In a 1965 paper published by the American Biology Society entitled “Live Specimens,” she lamented the state of biology education: “Eighty to eighty-five percent of the teachers of high school biology are unacquainted with the most easily available and most versatile specimens for dynamic instruction in ‘aliveness!’ Having never studied living plants, many are handicapped in designing the requisite laboratory investigations into life that characterize the newest trends in biology instruction.”
Taylor’s passion for enhancing science education found a new outlet in 1953 when the National Science Foundation began issuing grants to educators who wished to run summer science institutes. These institutes would grow over the next 10 years from four programs each summer to well over 200 and eventually would go on to be offered not only during the summer months but also on weekends during the school year and at night. Taylor was awarded multiple grants in the 1950s and ’60s to run institutes on botany. In a 1958 article, Taylor estimated that “by 1960 about 42,000 participants will have attended NSF Institutes, representing about 30% of the 140,000 junior and senior high school science and mathematics teachers in the country.”
One gets the impression from reading Taylor’s writing that no amount of exposure to botany would be too much. In that same 1958 article, she wrote, “In general, we may conclude that botany receives a reasonably fair amount of attention in the NSF Institutes . . . . though since most high school biology teachers are not as well prepared in botany as zoology a greater emphasis on botany would certainly seem desirable.”
Taylor’s work with the National Science Foundation even won her an invitation from President Lyndon B. Johnson to teach seminars internationally. She traveled as far away as India, which means that her love of botany potentially has had a significant effect on the development of science programs, as well as scientists, across the world.
It’s not surprising to learn that Taylor’s enthusiasm inspired many of her students to pursue doctorates or become professors themselves. Ray Hill, a former student and fellow professor, put it wonderfully in a letter he wrote to Taylor when she retired in 1976: “Like plants that disperse seeds from year to year, of which some germinate and thrive locally and others are carried by various vectors to far away places, you have dispersed students annually from the botany department at Howard throughout the United States and the World. . . . So many of the seeds you have dispersed are germinating, and will continue your work for generations to come.”
Based on this legacy, it may be disappointing to hear that the botany department at Howard was eventually absorbed by the biology department, following a trend in universities across the country. As Phys.org reported in 2015, “Since 1988, the number of research universities offering botany degrees has dropped by half, according to National Science Foundation research funding statistics.” And in 2018, only 231 bachelor’s degrees were awarded in botany, according to the National Center for Education Statistics.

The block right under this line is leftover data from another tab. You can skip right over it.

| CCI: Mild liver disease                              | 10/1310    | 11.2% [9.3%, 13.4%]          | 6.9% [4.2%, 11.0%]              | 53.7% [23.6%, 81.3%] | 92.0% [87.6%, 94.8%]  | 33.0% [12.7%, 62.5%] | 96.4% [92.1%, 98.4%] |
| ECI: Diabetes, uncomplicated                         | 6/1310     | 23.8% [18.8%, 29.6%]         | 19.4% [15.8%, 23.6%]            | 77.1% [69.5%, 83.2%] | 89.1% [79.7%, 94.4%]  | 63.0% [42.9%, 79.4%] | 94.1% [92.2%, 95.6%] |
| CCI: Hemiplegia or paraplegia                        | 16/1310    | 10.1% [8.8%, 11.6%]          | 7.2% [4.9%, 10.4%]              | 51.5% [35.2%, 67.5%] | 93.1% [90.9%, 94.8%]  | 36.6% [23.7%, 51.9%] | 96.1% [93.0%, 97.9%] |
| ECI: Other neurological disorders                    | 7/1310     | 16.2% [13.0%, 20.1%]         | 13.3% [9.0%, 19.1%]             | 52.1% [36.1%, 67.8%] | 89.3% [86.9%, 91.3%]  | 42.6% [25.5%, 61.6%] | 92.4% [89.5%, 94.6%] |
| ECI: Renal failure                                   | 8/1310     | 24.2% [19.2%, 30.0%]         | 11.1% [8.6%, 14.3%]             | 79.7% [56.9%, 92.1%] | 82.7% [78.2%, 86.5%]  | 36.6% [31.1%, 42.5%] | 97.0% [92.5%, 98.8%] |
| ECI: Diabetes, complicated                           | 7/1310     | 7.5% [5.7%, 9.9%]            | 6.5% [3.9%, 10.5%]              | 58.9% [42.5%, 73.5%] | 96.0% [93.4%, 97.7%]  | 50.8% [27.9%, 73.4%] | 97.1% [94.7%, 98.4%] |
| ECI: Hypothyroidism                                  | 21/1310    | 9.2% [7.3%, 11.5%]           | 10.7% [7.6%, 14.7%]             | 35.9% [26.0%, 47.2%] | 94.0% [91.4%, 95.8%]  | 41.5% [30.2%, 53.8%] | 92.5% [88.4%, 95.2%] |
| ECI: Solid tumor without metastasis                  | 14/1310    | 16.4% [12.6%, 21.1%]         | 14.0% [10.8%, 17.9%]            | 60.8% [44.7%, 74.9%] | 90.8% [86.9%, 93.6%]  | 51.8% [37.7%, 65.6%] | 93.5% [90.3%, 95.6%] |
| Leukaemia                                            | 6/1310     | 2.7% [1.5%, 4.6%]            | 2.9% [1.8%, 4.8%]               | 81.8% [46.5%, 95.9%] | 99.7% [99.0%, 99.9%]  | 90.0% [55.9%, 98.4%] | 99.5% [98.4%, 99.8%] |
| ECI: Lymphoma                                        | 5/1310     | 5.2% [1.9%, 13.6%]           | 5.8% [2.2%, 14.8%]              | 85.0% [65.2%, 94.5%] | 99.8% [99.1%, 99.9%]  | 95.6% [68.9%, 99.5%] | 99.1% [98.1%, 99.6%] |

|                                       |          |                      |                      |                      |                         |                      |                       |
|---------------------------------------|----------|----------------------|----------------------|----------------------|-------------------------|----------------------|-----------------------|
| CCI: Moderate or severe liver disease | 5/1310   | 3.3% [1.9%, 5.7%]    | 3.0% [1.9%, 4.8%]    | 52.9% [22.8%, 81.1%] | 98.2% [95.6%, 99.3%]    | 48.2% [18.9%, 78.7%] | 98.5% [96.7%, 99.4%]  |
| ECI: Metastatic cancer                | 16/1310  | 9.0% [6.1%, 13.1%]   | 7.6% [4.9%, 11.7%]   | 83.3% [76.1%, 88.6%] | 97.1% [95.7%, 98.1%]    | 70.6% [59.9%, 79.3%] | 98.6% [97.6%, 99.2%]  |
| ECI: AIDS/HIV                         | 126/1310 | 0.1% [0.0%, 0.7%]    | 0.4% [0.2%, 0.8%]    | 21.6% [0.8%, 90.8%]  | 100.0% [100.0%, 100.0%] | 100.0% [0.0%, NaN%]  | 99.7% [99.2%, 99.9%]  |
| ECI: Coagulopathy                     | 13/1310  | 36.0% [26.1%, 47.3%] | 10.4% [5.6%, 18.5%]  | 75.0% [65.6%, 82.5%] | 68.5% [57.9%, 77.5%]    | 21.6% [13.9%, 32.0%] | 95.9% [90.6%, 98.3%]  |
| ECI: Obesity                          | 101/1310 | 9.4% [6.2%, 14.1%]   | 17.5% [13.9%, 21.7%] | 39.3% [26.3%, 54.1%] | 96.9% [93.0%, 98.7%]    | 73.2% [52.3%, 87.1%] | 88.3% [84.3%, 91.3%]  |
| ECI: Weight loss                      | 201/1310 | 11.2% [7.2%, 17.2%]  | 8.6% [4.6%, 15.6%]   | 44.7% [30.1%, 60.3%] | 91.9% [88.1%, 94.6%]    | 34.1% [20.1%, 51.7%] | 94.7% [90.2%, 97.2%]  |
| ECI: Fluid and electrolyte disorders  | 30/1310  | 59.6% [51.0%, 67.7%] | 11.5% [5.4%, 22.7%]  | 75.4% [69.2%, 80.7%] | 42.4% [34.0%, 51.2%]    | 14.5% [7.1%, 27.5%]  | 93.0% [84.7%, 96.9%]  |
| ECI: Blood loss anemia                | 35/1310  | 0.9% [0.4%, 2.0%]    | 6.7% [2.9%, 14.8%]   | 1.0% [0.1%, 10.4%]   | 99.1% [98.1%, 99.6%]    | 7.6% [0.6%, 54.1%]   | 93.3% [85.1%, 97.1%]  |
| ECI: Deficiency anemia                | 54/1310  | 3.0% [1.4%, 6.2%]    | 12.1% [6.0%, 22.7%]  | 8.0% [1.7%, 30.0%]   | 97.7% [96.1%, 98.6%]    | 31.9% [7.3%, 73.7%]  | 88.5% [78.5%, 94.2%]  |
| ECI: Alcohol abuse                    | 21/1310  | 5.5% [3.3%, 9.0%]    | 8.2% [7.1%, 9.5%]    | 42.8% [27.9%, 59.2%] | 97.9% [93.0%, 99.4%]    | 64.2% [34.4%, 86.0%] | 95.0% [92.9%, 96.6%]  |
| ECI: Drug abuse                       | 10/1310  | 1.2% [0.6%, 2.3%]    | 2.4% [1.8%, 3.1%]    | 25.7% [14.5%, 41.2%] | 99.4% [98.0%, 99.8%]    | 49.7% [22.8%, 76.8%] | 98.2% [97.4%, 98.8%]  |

Taylor’s passion for her field, for her students, and for the beauty of living plants was contagious, and her belief that there can always be more botany in education seems like sage wisdom for our school systems today. Moreover, her accomplishments in the fields of botany and science education are remarkable considering all of the barriers she overcame as an accomplished Black woman in a field that at the time had few Black people and even fewer Black women.
Howard University offers the M.C. Taylor Scholarship for Minority Women in Science (MWIS). “The scholarship is named in honor of Dr. Taylor as an acknowledgement of her tremendous contributions to the development of the Botany program at Howard.” Learn more.
Thank you to Dr. Ray Hill, Dr. Norma Williams, and Lucy Dinsmore for your help uncovering information about Dr. Taylor. Thank you to the President Lyndon B. Johnson’s library for their assistance. Thanks to the Crazy Botanist and the Plant Kiki Podcast for helping to shine a light on Black botanists and horticulturists who have gone uncelebrated.
Botanical Society of America, and Christine Milot. Botany for the Next Millennium. Botany.org, 1995, botany.org/home/publications/botany-for-the-next-millenium.html.
Dinsmore, Lucy. “Woman of Firsts: Marie Clark Taylor.” Womeninhorticulture, 11 Mar. 2019, www.womeninhorticulture.com/post/woman-of-firsts-marie-clark-taylor.
Gill, Tara. “Black History Month Garden Column: Botanist Marie Clark Taylor.” Newark Advocate, 13 Feb. 2021, eu.newarkadvocate.com/story/news/local/2021/02/13/black-history-month-garden-column-botanist-marie-clark-taylor/6729530002.
Institute of Education Sciences. “Bachelor’s, Master’s, and Doctor’s Degrees Conferred by Postsecondary Institutions, by Sex of Student and Discipline Division: 2017–18.” National Center for Education Statistics, Department of Education., 24 Dec. 2019, nces.ed.gov/programs/digest/d19/tables/dt19_318.30.asp.
Lauer, Claudia. “Fewer Students Study Botany, More Plant Collections Closing.” Phys.Org, The Associated Press., 25 May 2015, phys.org/news/2015-05-students-botany.html.
Quinlisk, Katie. “Fordham’s First Female Ph.D.” The Fordham Ram, 20 Sept. 2017, thefordhamram.com/56782/culture/fordhams-first-female-ph-d.
Taylor, Marie C. “Botany in the National Science Foundation Institutes for High School Teachers.” Plant Sciences Bulletin Volume 4, December 1958, file:///Users/calexander/Downloads/PSB_1958_4_6.pdf.
Taylor, Marie C. “Live Specimens.” The American Biology Teacher, vol. 27, no. 2, 1965, pp. 116–17. Crossref, doi:10.2307/4440852.
Christine Alexander is the digital content manager.